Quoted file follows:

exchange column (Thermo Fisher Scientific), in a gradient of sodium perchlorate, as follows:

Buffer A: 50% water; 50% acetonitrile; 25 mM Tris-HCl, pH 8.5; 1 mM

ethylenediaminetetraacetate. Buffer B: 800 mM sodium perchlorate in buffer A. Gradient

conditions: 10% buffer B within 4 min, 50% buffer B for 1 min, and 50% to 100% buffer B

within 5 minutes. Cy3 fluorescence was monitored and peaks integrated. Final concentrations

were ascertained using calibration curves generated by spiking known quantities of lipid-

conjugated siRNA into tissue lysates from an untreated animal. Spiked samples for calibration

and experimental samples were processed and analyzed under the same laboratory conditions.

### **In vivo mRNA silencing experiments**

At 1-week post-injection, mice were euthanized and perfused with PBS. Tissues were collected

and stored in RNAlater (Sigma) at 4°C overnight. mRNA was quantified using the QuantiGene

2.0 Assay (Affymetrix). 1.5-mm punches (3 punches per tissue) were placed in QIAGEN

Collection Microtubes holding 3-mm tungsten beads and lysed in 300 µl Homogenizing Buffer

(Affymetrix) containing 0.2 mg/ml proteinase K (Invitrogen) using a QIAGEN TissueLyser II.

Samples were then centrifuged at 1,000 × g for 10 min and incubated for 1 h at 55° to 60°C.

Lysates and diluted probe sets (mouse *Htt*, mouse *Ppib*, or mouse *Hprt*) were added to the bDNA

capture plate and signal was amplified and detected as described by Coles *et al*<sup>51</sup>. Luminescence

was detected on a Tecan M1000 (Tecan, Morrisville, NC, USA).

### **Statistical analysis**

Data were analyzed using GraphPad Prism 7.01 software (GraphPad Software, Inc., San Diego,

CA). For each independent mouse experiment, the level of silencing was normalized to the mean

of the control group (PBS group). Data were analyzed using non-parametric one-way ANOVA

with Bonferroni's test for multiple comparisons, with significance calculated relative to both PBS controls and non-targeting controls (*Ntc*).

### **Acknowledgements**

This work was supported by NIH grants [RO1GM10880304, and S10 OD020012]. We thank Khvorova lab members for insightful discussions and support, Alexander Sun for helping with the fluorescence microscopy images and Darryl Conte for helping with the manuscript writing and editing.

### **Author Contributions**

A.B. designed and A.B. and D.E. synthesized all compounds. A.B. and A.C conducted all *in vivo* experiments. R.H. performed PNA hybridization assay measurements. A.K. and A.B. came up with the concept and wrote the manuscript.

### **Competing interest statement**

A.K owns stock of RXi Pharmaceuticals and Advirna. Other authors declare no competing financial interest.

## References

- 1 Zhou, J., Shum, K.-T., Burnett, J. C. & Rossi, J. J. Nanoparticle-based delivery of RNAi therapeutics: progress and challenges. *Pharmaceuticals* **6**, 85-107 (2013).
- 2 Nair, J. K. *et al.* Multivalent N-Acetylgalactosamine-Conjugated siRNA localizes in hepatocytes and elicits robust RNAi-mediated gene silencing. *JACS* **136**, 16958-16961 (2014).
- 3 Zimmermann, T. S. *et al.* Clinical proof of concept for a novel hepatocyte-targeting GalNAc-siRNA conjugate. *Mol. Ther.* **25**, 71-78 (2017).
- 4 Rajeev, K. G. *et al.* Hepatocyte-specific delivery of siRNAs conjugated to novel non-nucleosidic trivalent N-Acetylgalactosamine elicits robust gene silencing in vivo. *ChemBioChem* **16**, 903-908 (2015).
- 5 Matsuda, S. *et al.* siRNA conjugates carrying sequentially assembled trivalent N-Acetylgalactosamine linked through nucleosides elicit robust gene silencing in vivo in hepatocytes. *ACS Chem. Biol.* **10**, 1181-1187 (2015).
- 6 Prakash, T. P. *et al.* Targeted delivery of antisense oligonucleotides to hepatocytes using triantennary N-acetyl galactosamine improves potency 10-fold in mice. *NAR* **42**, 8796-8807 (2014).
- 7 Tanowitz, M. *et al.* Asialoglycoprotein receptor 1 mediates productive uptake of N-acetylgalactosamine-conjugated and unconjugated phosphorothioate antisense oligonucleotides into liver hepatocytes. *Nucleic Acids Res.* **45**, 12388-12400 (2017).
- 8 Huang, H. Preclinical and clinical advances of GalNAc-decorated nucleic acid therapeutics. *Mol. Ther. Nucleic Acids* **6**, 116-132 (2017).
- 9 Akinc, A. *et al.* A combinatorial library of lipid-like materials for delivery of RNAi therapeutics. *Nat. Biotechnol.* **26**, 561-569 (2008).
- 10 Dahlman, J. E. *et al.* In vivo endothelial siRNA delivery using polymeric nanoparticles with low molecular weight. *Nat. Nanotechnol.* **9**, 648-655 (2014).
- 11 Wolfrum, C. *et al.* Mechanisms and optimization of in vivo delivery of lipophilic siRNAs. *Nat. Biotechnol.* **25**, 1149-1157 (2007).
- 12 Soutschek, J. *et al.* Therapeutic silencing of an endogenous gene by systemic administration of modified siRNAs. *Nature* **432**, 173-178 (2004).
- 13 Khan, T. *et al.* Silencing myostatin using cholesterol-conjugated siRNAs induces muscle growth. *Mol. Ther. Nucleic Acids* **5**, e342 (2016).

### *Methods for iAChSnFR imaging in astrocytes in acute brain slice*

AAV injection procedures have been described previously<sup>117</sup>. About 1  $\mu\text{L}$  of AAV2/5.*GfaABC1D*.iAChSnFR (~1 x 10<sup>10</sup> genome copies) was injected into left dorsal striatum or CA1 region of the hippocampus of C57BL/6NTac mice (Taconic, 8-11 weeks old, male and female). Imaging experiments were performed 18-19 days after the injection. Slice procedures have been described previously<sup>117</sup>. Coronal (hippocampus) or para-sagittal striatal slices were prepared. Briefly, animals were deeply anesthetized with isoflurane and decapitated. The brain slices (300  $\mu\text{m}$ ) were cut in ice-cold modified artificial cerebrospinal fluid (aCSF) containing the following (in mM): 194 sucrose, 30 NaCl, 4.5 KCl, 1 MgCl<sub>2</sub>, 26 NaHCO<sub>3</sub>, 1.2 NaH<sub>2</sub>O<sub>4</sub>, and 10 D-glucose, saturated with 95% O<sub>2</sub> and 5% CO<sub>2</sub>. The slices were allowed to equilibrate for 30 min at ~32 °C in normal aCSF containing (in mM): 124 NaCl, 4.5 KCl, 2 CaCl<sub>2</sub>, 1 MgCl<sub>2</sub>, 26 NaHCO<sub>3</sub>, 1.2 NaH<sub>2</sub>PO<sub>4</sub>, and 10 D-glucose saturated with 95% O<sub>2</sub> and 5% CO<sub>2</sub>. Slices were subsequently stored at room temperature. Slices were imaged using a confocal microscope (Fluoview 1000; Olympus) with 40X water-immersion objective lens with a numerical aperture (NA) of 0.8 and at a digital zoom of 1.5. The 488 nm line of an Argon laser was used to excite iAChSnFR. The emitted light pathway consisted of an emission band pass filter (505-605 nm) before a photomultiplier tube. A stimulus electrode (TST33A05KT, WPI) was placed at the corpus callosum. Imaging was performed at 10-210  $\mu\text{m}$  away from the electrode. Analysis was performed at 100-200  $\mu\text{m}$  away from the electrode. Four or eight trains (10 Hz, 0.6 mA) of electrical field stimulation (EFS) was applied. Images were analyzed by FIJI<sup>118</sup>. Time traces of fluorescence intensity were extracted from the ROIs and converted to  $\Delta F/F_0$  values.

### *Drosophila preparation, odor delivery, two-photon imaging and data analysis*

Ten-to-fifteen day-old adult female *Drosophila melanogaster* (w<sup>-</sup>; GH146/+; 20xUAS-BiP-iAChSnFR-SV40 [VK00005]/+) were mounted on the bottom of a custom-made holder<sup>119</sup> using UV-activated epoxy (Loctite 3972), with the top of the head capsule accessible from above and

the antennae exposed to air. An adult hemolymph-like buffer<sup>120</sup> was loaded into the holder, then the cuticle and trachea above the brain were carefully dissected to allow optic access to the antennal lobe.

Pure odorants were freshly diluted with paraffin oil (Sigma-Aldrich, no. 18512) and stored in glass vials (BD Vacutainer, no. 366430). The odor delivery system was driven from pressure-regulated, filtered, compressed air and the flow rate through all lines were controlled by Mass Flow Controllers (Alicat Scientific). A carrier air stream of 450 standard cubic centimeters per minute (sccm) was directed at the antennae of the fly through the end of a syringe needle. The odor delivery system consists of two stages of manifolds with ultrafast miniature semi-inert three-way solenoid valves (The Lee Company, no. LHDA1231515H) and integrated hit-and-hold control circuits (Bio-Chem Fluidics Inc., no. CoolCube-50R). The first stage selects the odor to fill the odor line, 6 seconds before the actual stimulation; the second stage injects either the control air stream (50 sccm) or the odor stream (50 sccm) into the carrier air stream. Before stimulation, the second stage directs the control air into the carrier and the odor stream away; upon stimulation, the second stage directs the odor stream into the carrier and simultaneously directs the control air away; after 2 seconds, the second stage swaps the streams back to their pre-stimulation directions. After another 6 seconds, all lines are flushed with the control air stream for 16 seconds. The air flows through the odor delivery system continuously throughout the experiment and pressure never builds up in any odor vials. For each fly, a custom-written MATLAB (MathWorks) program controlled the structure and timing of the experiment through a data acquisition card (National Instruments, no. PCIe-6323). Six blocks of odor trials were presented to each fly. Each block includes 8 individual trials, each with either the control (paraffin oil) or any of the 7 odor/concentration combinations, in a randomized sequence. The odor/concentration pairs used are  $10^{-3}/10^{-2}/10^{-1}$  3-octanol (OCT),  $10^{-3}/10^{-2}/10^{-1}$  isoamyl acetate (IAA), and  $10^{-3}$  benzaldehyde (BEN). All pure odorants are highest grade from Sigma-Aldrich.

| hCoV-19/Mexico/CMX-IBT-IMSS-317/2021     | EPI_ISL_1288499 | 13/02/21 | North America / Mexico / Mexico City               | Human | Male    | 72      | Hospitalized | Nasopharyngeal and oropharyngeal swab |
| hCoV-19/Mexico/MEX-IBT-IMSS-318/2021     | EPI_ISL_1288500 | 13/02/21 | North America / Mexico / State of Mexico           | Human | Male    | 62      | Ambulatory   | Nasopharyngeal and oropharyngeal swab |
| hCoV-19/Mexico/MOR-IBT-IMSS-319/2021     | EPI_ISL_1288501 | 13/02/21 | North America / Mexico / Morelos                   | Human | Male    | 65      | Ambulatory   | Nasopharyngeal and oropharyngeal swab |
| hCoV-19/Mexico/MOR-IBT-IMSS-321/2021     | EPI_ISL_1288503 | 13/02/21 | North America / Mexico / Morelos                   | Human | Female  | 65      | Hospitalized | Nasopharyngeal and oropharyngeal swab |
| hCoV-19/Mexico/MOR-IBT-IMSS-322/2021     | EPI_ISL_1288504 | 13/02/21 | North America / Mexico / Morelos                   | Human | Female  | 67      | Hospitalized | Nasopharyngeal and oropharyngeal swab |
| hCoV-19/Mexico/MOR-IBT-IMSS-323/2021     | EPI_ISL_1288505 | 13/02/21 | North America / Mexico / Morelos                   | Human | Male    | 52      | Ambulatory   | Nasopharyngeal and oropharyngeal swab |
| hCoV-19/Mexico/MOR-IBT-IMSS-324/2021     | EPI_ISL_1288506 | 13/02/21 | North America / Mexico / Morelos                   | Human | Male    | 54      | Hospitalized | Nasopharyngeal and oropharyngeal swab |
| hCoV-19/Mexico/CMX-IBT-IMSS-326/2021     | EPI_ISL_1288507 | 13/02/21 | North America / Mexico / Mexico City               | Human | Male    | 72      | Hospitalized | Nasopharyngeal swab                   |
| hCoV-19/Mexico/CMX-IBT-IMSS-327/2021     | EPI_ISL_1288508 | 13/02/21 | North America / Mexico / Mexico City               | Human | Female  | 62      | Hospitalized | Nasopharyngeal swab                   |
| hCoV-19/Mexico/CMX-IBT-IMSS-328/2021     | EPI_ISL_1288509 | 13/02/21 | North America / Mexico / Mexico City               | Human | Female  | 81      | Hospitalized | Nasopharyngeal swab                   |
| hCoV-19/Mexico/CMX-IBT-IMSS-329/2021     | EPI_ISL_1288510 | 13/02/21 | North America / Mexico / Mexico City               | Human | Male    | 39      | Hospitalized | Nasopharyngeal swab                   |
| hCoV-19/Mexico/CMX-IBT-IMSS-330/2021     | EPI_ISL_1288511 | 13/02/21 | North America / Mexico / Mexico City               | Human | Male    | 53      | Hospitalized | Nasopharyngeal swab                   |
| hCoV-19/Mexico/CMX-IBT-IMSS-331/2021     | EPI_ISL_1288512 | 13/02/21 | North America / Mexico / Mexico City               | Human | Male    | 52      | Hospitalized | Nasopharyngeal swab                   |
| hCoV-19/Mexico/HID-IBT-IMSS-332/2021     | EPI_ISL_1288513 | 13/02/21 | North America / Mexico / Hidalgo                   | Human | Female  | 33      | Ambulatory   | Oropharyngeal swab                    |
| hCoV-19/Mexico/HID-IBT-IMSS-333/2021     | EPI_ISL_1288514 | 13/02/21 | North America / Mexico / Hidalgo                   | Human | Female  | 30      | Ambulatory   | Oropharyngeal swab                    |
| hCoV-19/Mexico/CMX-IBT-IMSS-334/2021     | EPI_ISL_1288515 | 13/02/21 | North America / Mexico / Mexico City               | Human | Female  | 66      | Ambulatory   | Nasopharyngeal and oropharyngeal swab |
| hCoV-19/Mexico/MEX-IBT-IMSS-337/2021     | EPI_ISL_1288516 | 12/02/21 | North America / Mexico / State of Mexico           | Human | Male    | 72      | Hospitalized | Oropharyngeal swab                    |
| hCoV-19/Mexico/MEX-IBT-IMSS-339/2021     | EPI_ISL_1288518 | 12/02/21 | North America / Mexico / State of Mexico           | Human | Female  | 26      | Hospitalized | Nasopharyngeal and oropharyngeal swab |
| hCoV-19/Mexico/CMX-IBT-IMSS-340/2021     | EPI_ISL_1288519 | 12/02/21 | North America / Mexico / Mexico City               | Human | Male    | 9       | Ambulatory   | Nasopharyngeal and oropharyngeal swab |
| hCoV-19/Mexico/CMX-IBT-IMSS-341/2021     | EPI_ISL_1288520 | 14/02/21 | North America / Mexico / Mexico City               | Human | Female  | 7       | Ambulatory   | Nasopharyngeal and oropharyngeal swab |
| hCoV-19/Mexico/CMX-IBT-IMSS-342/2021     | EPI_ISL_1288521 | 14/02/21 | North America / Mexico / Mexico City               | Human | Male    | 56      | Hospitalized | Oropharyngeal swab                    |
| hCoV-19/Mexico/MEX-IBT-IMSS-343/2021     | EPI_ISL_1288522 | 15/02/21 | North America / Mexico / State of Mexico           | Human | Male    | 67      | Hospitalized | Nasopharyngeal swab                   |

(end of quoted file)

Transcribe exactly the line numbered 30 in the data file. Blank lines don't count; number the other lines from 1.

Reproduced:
## References